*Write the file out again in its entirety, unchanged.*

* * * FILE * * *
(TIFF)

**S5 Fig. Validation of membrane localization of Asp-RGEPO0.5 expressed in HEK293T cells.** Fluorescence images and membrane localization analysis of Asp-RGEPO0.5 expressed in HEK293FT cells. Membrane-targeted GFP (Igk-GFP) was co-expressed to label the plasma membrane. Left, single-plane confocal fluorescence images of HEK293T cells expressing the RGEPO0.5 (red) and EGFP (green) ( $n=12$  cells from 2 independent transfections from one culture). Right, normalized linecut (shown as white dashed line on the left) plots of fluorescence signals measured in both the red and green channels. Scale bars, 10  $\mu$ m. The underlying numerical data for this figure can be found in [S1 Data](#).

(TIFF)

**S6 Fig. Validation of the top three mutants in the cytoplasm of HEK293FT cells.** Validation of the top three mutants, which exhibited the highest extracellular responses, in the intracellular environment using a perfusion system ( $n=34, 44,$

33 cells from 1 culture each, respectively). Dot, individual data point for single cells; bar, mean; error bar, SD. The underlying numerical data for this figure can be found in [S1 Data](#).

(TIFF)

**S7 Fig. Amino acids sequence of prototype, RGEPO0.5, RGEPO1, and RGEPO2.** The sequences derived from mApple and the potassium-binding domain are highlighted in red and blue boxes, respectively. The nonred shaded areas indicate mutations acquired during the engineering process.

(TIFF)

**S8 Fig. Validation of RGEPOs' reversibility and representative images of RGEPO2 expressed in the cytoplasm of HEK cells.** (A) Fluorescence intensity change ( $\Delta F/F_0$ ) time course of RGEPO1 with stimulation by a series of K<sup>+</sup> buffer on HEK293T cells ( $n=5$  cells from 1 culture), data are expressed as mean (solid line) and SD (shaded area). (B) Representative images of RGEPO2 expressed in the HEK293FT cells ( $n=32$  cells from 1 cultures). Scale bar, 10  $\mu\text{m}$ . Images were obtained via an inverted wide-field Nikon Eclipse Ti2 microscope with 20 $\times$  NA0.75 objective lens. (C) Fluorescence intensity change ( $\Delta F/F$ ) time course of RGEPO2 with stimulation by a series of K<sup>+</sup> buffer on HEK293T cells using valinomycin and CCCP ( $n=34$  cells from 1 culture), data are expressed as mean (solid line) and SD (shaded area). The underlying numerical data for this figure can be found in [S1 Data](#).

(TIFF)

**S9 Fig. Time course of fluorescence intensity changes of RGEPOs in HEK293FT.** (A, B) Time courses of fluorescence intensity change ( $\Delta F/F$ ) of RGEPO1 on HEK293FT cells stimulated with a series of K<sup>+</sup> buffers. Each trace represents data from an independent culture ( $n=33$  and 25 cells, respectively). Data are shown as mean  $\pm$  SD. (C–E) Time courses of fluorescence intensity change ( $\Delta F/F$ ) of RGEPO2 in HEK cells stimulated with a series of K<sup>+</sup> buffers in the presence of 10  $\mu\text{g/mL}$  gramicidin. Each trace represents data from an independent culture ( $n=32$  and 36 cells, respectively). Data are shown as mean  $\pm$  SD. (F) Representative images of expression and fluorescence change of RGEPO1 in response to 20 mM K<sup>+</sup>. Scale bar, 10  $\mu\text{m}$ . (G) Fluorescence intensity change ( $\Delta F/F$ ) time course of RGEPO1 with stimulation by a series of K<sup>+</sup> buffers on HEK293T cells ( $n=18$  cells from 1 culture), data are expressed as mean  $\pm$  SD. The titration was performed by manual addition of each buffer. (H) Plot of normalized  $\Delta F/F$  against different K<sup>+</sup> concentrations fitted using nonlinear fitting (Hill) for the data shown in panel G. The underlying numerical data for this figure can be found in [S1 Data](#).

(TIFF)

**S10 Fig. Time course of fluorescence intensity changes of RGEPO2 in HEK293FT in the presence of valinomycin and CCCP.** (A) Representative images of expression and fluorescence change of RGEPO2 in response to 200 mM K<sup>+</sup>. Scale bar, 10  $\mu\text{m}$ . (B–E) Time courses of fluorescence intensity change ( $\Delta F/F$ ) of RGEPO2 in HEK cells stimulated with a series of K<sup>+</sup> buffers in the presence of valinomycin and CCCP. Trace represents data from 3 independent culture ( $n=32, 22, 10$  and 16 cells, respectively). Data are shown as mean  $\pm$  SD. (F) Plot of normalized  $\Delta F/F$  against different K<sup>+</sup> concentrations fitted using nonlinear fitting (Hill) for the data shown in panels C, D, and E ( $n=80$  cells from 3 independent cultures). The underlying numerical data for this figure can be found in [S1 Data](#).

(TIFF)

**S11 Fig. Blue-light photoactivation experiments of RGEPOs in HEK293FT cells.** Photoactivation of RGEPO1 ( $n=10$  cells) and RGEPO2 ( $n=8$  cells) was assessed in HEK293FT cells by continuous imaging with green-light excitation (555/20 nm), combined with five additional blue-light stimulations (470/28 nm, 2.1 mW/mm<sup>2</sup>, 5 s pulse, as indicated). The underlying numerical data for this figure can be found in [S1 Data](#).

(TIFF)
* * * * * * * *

(TIFF)

**S5 Fig. Validation of membrane localization of Asp-RGEPO0.5 expressed in HEK293T cells.** Fluorescence images and membrane localization analysis of Asp-RGEPO0.5 expressed in HEK293FT cells. Membrane-targeted GFP (Igk-GFP) was co-expressed to label the plasma membrane. Left, single-plane confocal fluorescence images of HEK293T cells expressing the RGEPO0.5 (red) and EGFP (green) ( $n=12$  cells from 2 independent transfections from one culture). Right, normalized linecut (shown as white dashed line on the left) plots of fluorescence signals measured in both the red and green channels. Scale bars, 10  $\mu$ m. The underlying numerical data for this figure can be found in [S1 Data](#).

(TIFF)

**S6 Fig. Validation of the top three mutants in the cytoplasm of HEK293FT cells.** Validation of the top three mutants, which exhibited the highest extracellular responses, in the intracellular environment using a perfusion system ( $n=34, 44,$

33 cells from 1 culture each, respectively). Dot, individual data point for single cells; bar, mean; error bar, SD. The underlying numerical data for this figure can be found in [S1 Data](#).

(TIFF)

**S7 Fig. Amino acids sequence of prototype, RGEPO0.5, RGEPO1, and RGEPO2.** The sequences derived from mApple and the potassium-binding domain are highlighted in red and blue boxes, respectively. The nonred shaded areas indicate mutations acquired during the engineering process.

(TIFF)

**S8 Fig. Validation of RGEPOs' reversibility and representative images of RGEPO2 expressed in the cytoplasm of HEK cells.** (A) Fluorescence intensity change ( $\Delta F/F_0$ ) time course of RGEPO1 with stimulation by a series of K<sup>+</sup> buffer on HEK293T cells ( $n=5$  cells from 1 culture), data are expressed as mean (solid line) and SD (shaded area). (B) Representative images of RGEPO2 expressed in the HEK293FT cells ( $n=32$  cells from 1 cultures). Scale bar, 10  $\mu\text{m}$ . Images were obtained via an inverted wide-field Nikon Eclipse Ti2 microscope with 20 $\times$  NA0.75 objective lens. (C) Fluorescence intensity change ( $\Delta F/F$ ) time course of RGEPO2 with stimulation by a series of K<sup>+</sup> buffer on HEK293T cells using valinomycin and CCCP ( $n=34$  cells from 1 culture), data are expressed as mean (solid line) and SD (shaded area). The underlying numerical data for this figure can be found in [S1 Data](#).

(TIFF)

**S9 Fig. Time course of fluorescence intensity changes of RGEPOs in HEK293FT.** (A, B) Time courses of fluorescence intensity change ( $\Delta F/F$ ) of RGEPO1 on HEK293FT cells stimulated with a series of K<sup>+</sup> buffers. Each trace represents data from an independent culture ( $n=33$  and 25 cells, respectively). Data are shown as mean  $\pm$  SD. (C–E) Time courses of fluorescence intensity change ( $\Delta F/F$ ) of RGEPO2 in HEK cells stimulated with a series of K<sup>+</sup> buffers in the presence of 10  $\mu\text{g/mL}$  gramicidin. Each trace represents data from an independent culture ( $n=32$  and 36 cells, respectively). Data are shown as mean  $\pm$  SD. (F) Representative images of expression and fluorescence change of RGEPO1 in response to 20 mM K<sup>+</sup>. Scale bar, 10  $\mu\text{m}$ . (G) Fluorescence intensity change ( $\Delta F/F$ ) time course of RGEPO1 with stimulation by a series of K<sup>+</sup> buffers on HEK293T cells ( $n=18$  cells from 1 culture), data are expressed as mean  $\pm$  SD. The titration was performed by manual addition of each buffer. (H) Plot of normalized  $\Delta F/F$  against different K<sup>+</sup> concentrations fitted using nonlinear fitting (Hill) for the data shown in panel G. The underlying numerical data for this figure can be found in [S1 Data](#).

(TIFF)

**S10 Fig. Time course of fluorescence intensity changes of RGEPO2 in HEK293FT in the presence of valinomycin and CCCP.** (A) Representative images of expression and fluorescence change of RGEPO2 in response to 200 mM K<sup>+</sup>. Scale bar, 10  $\mu\text{m}$ . (B–E) Time courses of fluorescence intensity change ( $\Delta F/F$ ) of RGEPO2 in HEK cells stimulated with a series of K<sup>+</sup> buffers in the presence of valinomycin and CCCP. Trace represents data from 3 independent culture ( $n=32, 22, 10$  and 16 cells, respectively). Data are shown as mean  $\pm$  SD. (F) Plot of normalized  $\Delta F/F$  against different K<sup>+</sup> concentrations fitted using nonlinear fitting (Hill) for the data shown in panels C, D, and E ( $n=80$  cells from 3 independent cultures). The underlying numerical data for this figure can be found in [S1 Data](#).

(TIFF)

**S11 Fig. Blue-light photoactivation experiments of RGEPOs in HEK293FT cells.** Photoactivation of RGEPO1 ( $n=10$  cells) and RGEPO2 ( $n=8$  cells) was assessed in HEK293FT cells by continuous imaging with green-light excitation (555/20 nm), combined with five additional blue-light stimulations (470/28 nm, 2.1 mW/mm<sup>2</sup>, 5 s pulse, as indicated). The underlying numerical data for this figure can be found in [S1 Data](#).

(TIFF)